By Kirk Winter

You have already had the flyers arrive at your front door telling you it is back-to-school shopping season. If you have children in the school system, you are well aware that getting your children prepared to return to the classroom can be a daunting task, particularly if you are a one- income household or you are earning little more than the minimum wage.

The Retail Council of Canada has calculated that back to school shopping is now responsible for the second busiest shopping season, only trailing Christmas in money spent.

In the United States, parents will spend over $80 billion collectively on their school-aged children’s back to school needs. An average American family spends $519 US on each one of their K-12 aged children, and $1,362 US per child on every dependant attending post secondary.

I well remember late August as my wife and I got our three boys all the things they would need to return to school. By the time you threw in the occasional new piece of clothing, the Visa card was under considerable strain, and our kids were not looking for phones or I-Pads to complete the back to school look.

There are hundreds of families currently living at or below the poverty line, and many are unsure of how they are able to make the choices at this time of year. For many in CKL, after the rent and utilities are paid, it is a question of food or back-to-school supplies. A charity in Ottawa reported earlier this week that they are supplying 3,400 school-aged children with a new backpack full of school supplies for use in September, but with their current level of funding there will be many more on a wait list who will not be serviced.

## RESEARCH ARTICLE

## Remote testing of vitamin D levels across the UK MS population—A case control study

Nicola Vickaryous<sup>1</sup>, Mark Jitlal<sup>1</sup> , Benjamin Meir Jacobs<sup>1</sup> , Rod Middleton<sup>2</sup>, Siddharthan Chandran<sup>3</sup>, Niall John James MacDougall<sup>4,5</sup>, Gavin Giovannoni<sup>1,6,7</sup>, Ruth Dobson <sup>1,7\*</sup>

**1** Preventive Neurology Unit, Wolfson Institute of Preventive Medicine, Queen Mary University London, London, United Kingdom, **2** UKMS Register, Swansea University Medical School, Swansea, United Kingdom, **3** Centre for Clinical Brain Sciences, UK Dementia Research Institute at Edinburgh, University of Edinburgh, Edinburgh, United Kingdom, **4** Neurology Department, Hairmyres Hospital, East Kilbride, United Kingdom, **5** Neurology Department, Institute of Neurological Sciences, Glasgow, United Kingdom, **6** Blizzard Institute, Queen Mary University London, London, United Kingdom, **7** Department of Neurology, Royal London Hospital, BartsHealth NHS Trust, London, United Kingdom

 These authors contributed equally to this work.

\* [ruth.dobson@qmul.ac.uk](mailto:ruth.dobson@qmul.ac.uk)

In many schools in North America, this is where the classroom teacher comes to the rescue, spending their own funds to ensure their students have the necessities for surviving a new school year. The American Teachers Federation and the Elementary Teachers Federation of Ontario have surveyed their members to find that teachers are spending between $500 and $1,000 a year on supplies for their less fortunate students. In some places in the United States, teachers take home after taxes less than $2,000 a month, so this commitment to students is significant.

High school teacher friends have shared with me that their departmental budgets that are largely spent on student supplies have been cut by more than 33 percent in the last four years, with more cuts anticipated as the Ford government continues to look for supposed “efficiencies in government spending.” There is a time coming very soon where school budgets and teacher pay cheques will not be able to stretch far enough to support the number of less advantaged students that they currently are helping.

I saw teachers at my high school going through abandoned student lockers in June looking for school supplies left behind by generally more affluent students that they would save for distribution the next fall. The binders, pens, pencils, calculators and paper were re-gifted to those in need, and much appreciated.

If you are looking to help a local family this month, contact the United Way, the local Women’s Shelter or any other charitable organization that deals with children. I am certain they will make sure that your thoughtful donation assists a child get what they need to go back to school for another year with basics for success.